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net: make sure Dial returns random UDP port #5767

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gopherbot opened this issue Jun 24, 2013 · 15 comments

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commented Jun 24, 2013

by fish@soundcloud.com:

Hello everyone,

I was digging around in the net package (to see how hard it would be to fix #5686) when
I realized that it's using math/rand for id randomization. math/rand is a pseudo-random
generator and, without being an crypto expert, this seems like it's predictable.

Since DNS security (without dnssec) depends solely on the randomness of dns ID and
source port, it's important for both to be random. This yield true especially since Dan
Kaminski's dns vulnerability discovery.

For the source port, net seems to depend on the kernel's source port randomization where
I'm not sure if they are unpredictable or whether go should explicitly generate a
random, unpredictable port as well.

Attached is a naive fix, replacing math/rand by crypto/rand. I'm happy for suggestions
in case there is a better way to fix it.

Attachments:

  1. replace-math-rand-by-crypto-rand-for-dns-id.patch (1312 bytes)
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commented Jun 24, 2013

Comment 1 by fish@soundcloud.com:

Sorry for the 'typo' "random id: %s". Here is an updated patch.

Attachments:

  1. replace-math-rand-by-crypto-rand-for-dns-id.patch (1338 bytes)
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commented Jun 24, 2013

Comment 2:

In practice the somewhat weak ID (note that it is rand ^ low-16-bits-of-nanotime, not
just rand) does not matter very much, because it is combined with a random UDP port on
most systems.
Specifically:
1) On Linux since 2.6.24, UDP without an explicit source gets a random port.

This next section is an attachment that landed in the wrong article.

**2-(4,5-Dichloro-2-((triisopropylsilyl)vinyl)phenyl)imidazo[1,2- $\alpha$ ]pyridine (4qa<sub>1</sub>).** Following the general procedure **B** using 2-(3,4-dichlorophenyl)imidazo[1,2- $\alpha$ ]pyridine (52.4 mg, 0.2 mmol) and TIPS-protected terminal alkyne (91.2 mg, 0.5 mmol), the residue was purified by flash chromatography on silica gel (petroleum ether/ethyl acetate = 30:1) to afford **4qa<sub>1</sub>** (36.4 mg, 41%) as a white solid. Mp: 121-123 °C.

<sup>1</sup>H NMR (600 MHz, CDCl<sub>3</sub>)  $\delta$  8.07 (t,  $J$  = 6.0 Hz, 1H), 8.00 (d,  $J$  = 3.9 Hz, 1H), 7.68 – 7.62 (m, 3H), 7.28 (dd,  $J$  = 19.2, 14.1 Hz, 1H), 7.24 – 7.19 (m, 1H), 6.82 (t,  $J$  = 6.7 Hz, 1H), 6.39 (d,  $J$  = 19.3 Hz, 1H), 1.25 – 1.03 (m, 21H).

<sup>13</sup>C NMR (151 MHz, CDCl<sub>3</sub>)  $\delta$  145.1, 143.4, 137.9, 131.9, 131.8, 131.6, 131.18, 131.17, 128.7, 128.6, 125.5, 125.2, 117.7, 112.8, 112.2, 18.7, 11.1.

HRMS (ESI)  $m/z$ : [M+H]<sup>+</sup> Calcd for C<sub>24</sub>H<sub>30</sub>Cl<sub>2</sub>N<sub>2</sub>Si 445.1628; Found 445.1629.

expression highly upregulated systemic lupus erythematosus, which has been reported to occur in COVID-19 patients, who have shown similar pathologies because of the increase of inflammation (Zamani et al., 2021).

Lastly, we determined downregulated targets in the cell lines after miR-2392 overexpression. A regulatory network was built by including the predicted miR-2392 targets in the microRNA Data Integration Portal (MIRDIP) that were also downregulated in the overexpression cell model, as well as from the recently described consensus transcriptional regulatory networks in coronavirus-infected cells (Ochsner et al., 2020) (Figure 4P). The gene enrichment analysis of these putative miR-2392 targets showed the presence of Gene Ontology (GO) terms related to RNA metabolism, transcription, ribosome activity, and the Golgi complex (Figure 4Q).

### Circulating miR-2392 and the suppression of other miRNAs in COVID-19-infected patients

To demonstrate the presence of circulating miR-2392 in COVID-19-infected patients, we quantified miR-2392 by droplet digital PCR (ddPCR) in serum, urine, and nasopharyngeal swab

2) On my Mac (OS X 10.8.4), same. I don't know when it started.
3) Other systems should behave similarly.
Also in practice, this code never runs, because the default behavior is to use the C
library for DNS resolution; this code is only a fallback that is only built with
CGO_ENABLED=0 or on incomplete ports that do not yet support cgo.
It's somewhat counterproductive for net to pick random ports if the kernel is already
doing it. The kernel has a much better view of the situation and can do a better job. If
Go tries to do the job instead, the kernel cannot. 
It would be nice to know what operating systems do need "help". 
The attached program estimates the number of bits of entropy in the UDP port choice.
It's off by a small constant factor, so that on my Mac it reports 19.5 bits even though
the actual entropy appears to be around 13 bits. But if the ports were assigned in order
or something predictable like that it would say 0.3 bits or so, so it's fine.
If anyone wants to run the program and report back its determination and the OS name and
version, that'd be great.
I would strongly prefer net not to depend on crypto/rand.

Labels changed: added priority-later, removed priority-triage.

Status changed to Accepted.

Attachments:

  1. x.go (818 bytes)
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commented Jun 24, 2013

Comment 3 by fish@soundcloud.com:

Here (ubuntu 13.04) it reports 19.5 bits as well. But it seems like it's actually